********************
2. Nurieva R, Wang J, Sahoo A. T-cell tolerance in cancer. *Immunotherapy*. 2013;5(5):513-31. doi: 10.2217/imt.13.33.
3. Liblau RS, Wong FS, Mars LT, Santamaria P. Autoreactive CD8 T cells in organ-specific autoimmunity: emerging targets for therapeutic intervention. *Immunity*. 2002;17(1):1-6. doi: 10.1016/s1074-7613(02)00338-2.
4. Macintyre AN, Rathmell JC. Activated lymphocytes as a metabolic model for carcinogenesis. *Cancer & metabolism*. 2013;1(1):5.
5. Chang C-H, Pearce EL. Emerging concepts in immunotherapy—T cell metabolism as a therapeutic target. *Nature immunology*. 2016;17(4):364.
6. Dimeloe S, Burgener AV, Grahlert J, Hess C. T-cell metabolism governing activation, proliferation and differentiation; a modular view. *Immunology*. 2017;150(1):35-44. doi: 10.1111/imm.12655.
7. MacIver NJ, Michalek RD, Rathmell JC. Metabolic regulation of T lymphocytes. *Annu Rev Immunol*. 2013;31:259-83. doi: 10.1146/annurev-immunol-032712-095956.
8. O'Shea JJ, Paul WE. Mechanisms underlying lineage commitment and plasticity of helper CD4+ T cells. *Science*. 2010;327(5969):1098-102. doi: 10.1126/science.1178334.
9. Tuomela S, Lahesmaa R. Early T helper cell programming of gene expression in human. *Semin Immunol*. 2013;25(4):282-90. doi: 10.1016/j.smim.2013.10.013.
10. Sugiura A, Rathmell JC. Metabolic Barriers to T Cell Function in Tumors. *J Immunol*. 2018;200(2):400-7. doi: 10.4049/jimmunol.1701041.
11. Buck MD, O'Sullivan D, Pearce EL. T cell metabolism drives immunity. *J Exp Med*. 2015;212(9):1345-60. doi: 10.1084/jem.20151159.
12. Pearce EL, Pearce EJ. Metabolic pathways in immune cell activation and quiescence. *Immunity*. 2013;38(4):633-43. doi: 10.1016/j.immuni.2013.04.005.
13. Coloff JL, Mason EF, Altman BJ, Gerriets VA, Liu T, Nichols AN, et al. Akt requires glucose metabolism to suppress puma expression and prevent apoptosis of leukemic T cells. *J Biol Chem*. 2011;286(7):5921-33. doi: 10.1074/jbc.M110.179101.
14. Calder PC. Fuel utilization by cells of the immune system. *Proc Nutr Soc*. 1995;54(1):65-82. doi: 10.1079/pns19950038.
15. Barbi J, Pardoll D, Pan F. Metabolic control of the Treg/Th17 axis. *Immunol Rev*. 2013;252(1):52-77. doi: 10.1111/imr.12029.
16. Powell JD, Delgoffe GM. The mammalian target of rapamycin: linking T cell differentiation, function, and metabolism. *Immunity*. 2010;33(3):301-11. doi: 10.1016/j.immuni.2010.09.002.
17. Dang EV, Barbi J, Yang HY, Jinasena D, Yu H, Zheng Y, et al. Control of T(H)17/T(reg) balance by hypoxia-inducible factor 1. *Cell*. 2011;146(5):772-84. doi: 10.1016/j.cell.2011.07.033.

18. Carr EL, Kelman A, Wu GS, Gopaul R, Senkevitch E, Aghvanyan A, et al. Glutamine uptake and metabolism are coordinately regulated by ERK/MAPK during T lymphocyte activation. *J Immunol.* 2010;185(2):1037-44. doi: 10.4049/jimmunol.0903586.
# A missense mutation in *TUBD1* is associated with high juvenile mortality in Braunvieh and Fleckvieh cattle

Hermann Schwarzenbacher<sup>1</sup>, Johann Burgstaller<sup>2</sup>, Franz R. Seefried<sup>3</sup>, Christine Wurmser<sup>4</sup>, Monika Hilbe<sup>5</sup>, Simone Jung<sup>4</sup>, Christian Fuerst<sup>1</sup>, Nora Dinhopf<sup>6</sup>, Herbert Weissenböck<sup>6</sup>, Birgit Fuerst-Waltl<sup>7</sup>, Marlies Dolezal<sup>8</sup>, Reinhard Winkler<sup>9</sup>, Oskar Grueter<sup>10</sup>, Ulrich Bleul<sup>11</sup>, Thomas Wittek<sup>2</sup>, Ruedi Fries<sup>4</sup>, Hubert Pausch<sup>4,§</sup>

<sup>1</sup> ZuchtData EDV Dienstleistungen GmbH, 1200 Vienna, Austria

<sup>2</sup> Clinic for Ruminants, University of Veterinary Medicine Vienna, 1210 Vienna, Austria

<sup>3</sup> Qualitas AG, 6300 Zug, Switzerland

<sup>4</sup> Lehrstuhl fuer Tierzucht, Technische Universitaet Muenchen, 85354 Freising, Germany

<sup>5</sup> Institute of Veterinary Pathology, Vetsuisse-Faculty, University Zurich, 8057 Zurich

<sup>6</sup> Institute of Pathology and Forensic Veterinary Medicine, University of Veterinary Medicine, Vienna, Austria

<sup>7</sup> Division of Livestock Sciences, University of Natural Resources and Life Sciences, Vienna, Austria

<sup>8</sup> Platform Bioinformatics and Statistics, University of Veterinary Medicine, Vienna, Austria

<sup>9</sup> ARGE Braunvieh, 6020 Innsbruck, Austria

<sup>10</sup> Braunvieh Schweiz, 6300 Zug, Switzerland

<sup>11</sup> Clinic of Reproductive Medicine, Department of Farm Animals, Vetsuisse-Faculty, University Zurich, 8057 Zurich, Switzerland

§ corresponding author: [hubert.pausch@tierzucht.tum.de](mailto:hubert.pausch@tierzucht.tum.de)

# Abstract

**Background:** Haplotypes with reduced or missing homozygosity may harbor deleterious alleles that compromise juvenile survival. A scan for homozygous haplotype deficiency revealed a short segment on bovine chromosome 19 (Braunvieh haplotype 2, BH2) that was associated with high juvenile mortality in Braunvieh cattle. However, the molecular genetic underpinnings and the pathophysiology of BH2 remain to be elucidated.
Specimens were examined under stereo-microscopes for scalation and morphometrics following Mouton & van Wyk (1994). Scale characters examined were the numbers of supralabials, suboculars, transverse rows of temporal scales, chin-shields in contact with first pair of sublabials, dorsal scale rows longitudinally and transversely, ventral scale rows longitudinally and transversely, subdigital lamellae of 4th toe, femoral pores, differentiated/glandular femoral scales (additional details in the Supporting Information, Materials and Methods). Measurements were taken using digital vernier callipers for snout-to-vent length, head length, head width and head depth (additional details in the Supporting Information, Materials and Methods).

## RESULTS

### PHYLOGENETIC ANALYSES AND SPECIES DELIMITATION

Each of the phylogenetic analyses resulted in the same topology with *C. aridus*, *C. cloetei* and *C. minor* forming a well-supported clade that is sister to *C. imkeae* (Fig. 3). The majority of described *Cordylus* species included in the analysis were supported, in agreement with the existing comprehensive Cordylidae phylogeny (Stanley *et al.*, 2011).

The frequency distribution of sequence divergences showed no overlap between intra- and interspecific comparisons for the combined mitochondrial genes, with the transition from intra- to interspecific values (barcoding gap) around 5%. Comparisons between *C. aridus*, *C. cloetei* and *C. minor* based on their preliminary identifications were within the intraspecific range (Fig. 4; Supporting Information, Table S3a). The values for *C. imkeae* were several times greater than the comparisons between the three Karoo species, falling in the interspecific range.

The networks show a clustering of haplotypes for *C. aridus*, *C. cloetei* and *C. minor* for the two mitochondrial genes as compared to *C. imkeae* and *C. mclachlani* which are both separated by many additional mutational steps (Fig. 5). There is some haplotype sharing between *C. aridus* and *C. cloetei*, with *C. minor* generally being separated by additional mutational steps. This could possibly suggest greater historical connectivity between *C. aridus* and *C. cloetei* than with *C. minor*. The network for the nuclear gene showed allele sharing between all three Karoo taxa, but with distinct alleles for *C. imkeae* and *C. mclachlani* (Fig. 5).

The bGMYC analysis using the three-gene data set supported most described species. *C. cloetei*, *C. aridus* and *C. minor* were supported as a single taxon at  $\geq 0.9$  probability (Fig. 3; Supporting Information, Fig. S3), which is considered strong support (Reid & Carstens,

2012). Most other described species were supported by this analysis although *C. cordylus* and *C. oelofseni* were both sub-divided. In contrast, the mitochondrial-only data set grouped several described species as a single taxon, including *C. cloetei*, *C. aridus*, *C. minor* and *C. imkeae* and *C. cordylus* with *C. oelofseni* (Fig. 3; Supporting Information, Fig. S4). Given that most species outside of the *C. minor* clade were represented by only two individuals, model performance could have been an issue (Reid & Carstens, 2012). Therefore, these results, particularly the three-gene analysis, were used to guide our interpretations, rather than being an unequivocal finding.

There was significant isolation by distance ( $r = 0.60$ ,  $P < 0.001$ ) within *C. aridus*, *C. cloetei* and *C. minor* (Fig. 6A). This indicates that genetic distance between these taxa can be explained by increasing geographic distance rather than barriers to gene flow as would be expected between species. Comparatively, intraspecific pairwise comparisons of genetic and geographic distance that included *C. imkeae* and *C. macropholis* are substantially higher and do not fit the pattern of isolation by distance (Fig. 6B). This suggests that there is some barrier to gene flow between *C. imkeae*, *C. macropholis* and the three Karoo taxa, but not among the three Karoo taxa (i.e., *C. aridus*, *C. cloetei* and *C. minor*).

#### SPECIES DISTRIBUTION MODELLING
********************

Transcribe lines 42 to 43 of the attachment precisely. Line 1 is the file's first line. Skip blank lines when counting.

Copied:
There was significant isolation by distance ( $r = 0.60$ ,  $P < 0.001$ ) within *C. aridus*, *C. cloetei* and *C. minor* (Fig. 6A). This indicates that genetic distance between these taxa can be explained by increasing geographic distance rather than barriers to gene flow as would be expected between species. Comparatively, intraspecific pairwise comparisons of genetic and geographic distance that included *C. imkeae* and *C. macropholis* are substantially higher and do not fit the pattern of isolation by distance (Fig. 6B). This suggests that there is some barrier to gene flow between *C. imkeae*, *C. macropholis* and the three Karoo taxa, but not among the three Karoo taxa (i.e., *C. aridus*, *C. cloetei* and *C. minor*).

#### SPECIES DISTRIBUTION MODELLING